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Manual Test Automation – Part 1

This 3 part blog post and the title for it is inspired by a colleague who is currently living the manual test automation nightmare on an engagement. He reminded me how common a pattern it is and one that I have seen way too often over various engagements. Based on recent  engagements and stories I hear from other colleagues in the industry, it is clear that it will be a trend that will continue for some time to come..

When people talk about test automation it means different things to different people so let’s start this blog post by looking at the definition of the word automation.

According to Merriam Webster, automation is defined as follows:

  1. the technique of making an apparatus, a process, or a system operate automatically

  2. the state of being operated automatically

  3. automatically controlled operation of an apparatus, process, or system by mechanical or electronic devices that take the place of human labor

The keywords in this definition are “automatically” and “take the place of human labor”. In my opinion, this is a clear and precise definition of what automation is.

When it comes to Test Automation in software, for some reason the definition of automation quickly gets skewed and/or adapted depending on the organization and the people that are implementing and executing software test automation.

Whenever I start an evaluation of a customer’s Test Automation efforts, I start by asking one basic question:

“Does your Test Automation execute on a regular basis without someone babysitting the automated scripts?”

With many customers the answer is usually; “Well, it is automated and sort of runs on its own but we can explain…”

This generally is the first sign that a customer is caught in the “Manual Test Automation” rat hole. Usually what follows is a whole bunch of “reasons” as to why their test automation needs manual intervention.

Here are but a few of the common patterns that could be an indication that you are running manual test automation:

  • The test environment is not reliable.

  • The test data keeps changing or you need to find data.

  • The scripts are End to End test automation scripts.

  • The End to End environment consists of many systems (Internal and External) that affect the system being automated.

  • The test automation tool is a “scriptless” one.  

  • The solution is very complex.

If this is your reality then you may be stuck in the Manual Test Automation rat hole.

Why are you doing Test Automation?

Getting out of the Manual Test Automation rat hole starts by asking yourself, “Why are we doing Test Automation?” Do you have a clear and defined goal of what you expect out of Test Automation? If you cannot answer these questions quickly and with a clear answer, then chances are Test Automation has been implemented for the wrong reasons. Generally when the goal of software test automation is not clear, the implementation is not optimal.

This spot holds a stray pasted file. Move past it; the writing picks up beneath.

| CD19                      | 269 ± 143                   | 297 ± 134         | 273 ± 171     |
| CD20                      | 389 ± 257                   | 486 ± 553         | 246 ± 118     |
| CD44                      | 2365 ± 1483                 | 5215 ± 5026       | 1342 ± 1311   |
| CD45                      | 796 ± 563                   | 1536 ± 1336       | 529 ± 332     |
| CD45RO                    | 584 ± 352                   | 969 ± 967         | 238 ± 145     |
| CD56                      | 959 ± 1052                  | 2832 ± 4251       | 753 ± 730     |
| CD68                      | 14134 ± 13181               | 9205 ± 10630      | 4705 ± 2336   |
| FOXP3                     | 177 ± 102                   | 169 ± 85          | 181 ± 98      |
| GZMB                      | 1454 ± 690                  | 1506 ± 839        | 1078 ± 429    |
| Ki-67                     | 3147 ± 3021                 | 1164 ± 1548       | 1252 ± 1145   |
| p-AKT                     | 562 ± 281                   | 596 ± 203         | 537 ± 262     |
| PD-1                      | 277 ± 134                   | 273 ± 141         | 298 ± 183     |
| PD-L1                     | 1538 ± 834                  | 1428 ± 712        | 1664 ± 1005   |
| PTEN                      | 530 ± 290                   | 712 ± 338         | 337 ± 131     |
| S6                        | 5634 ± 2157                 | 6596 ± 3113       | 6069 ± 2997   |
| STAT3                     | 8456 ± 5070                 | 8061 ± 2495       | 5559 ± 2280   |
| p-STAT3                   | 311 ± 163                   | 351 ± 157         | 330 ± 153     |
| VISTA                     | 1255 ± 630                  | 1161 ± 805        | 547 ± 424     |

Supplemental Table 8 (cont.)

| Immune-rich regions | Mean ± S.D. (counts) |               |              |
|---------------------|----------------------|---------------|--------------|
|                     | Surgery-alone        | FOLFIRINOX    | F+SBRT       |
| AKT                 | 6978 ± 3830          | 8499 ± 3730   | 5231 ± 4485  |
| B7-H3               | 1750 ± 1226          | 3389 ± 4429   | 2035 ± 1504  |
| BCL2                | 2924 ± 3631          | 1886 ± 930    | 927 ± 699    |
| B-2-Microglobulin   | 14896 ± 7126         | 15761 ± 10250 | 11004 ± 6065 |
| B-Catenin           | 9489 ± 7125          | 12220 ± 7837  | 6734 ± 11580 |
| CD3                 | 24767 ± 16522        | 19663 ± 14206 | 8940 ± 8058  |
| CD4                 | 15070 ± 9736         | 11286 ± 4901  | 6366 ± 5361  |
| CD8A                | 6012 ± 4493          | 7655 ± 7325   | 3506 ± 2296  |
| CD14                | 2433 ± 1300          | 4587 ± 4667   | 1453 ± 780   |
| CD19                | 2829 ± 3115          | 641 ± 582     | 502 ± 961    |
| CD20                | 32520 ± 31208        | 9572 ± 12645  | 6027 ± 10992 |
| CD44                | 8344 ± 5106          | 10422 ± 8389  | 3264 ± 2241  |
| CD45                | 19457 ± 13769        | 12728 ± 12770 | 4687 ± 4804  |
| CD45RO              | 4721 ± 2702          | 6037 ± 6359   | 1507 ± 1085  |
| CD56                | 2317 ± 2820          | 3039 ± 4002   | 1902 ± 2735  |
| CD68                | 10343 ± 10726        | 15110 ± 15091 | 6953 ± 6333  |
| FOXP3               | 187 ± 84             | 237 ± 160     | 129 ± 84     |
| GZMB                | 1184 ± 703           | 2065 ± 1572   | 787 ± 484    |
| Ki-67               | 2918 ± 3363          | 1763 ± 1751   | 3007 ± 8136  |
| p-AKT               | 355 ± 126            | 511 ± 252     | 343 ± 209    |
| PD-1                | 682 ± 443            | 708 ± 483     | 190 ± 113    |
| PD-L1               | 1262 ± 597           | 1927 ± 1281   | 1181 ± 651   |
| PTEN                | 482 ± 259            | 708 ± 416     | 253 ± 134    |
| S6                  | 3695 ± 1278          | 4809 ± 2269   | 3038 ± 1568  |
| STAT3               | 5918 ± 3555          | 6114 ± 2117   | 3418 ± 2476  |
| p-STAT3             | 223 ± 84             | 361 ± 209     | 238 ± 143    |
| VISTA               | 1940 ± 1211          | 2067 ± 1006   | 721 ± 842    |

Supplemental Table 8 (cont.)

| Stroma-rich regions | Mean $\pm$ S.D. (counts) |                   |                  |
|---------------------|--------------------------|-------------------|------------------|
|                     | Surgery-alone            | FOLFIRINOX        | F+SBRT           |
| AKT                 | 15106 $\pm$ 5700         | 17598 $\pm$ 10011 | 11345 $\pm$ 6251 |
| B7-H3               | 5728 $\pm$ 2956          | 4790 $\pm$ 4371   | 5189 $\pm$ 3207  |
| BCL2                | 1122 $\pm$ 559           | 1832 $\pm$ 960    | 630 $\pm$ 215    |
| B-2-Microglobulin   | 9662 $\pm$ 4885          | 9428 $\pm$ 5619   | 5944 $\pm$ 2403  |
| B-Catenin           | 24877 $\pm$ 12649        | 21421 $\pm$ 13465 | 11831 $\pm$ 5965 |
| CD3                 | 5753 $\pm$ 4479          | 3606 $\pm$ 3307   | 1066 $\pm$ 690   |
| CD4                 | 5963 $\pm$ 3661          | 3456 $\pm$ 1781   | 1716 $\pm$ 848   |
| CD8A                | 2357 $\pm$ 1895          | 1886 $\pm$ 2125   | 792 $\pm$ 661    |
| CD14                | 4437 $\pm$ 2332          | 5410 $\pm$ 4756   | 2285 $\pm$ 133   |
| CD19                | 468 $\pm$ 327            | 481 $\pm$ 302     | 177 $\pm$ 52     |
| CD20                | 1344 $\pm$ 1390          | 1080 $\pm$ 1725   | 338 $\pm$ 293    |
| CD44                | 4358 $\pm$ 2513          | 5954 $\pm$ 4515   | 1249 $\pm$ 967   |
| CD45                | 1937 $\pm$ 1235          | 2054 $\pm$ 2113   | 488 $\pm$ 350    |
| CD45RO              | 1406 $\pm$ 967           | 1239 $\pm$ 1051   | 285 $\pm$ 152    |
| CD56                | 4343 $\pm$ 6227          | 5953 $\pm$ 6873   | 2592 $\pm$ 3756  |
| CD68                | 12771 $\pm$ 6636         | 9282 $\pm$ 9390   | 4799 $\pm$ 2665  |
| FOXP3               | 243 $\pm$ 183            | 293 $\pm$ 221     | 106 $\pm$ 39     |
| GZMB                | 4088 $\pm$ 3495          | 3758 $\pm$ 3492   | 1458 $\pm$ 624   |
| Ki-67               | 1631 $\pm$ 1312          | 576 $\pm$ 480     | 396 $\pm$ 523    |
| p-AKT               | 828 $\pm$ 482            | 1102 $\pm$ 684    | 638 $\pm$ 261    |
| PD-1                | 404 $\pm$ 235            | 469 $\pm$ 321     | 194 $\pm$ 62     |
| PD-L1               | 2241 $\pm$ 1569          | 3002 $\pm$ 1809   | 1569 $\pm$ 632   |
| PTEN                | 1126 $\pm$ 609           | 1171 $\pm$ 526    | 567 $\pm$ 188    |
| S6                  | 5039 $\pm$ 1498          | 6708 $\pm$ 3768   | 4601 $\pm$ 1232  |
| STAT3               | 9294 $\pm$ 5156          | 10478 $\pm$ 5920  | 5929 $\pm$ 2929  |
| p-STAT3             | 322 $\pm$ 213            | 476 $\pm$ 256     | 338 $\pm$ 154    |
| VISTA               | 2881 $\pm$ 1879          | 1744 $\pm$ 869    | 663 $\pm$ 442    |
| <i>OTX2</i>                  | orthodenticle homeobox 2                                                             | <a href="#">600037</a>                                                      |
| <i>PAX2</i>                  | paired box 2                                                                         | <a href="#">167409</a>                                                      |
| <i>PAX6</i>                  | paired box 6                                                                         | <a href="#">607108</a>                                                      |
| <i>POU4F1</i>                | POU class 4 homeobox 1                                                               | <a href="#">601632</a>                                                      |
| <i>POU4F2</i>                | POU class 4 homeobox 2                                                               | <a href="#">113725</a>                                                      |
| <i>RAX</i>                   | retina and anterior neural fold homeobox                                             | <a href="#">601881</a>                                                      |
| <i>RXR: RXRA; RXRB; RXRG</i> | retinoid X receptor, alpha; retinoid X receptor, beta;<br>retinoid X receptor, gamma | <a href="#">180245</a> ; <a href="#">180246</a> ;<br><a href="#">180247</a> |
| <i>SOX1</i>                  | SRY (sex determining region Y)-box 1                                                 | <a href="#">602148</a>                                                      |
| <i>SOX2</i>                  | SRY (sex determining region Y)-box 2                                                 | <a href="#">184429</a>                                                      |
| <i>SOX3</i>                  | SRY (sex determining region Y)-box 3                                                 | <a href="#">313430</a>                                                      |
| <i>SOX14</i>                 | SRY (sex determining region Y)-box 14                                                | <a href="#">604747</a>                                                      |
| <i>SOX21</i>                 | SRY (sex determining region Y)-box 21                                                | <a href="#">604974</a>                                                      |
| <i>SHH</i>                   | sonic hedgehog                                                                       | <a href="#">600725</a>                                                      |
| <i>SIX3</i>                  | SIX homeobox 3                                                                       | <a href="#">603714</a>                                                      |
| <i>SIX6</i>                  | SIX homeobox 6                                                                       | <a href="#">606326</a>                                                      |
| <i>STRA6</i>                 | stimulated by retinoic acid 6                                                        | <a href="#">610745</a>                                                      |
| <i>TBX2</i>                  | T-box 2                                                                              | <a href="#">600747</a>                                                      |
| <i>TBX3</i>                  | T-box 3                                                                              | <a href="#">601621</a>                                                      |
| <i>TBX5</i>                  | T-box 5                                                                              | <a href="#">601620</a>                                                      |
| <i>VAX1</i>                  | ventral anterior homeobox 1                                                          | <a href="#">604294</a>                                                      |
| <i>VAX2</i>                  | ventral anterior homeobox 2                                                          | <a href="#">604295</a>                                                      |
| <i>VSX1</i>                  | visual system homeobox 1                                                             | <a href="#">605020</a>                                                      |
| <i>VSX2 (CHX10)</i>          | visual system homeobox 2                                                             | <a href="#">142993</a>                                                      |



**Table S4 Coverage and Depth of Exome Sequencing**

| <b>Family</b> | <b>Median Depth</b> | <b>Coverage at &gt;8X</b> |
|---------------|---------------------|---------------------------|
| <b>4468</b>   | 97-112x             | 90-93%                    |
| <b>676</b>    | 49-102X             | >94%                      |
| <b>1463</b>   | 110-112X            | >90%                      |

Here is an example of the 3 most common patterns I have seen across engagements. Do you see any that describe your organization?

Reason 1 – Test Automation was implemented to “fix” the problem of bugs/defects slipping into production.

I have already covered the issue of defects/bugs slipping into production in another blog post. Trying to use test automation to “fix” the problem of bugs slipping into production is just another example of that same problem. In summary, the organization should be focusing on trying to avoid having defects/bugs getting created in the first place rather than trying to implement test automation at the end of the development cycle trying to “catch all the bugs” before they make it to production.

Reason 2 – Test Automation is being implemented as the “magic bullet” to fix all of the software delivery issues.

In my experience Test Automation that is “bolted on” after the software is completed, is usually expensive, doesn’t provide good test coverage and is being seen as the savior to fix deeper organizational issues.

If test automation was implemented in this context, then it is usually indicative of an organization that:

  • May have a management team that doesn’t fully comprehend software development.

  • Is weak at producing clear requirements for the teams to work with and that show clear Business Value.

  • May have an organizational structure where communication between various teams is not optimal.

  • Has developed/implemented a software system which is not optimal and requires constant “patching”. The technical debt that has been incurred over the years of development is just too great and is not being addressed.

It usually points to an organization whose managers look to test automation to try and save the day rather than deal with these deeper issues,.

Reason 3 – Test Automation is being implemented with the intent to replace manual testing  which is seen as being a problem in the organization. The problems that usually exist in this case are:

  • Manual testing keeps taking longer and longer

  • Manual testing is seen as being ineffective and non comprehensive

  • Manual testing is conducted from a End user perspective only

In this case the organization has yet to realize that building quality software is a team effort and management is still thinking that the responsibility for quality lies solely with one team – the QA/QC team.

In part 2 of this blog post, we will review 5 suggestions you can start with to improve your test automation strategy.

If you would like to discuss how Avant can help you develop a Test Automation strategy that can work with your software delivery goals, whether you work in Agile or not, please contact us.

Read part 2 here.

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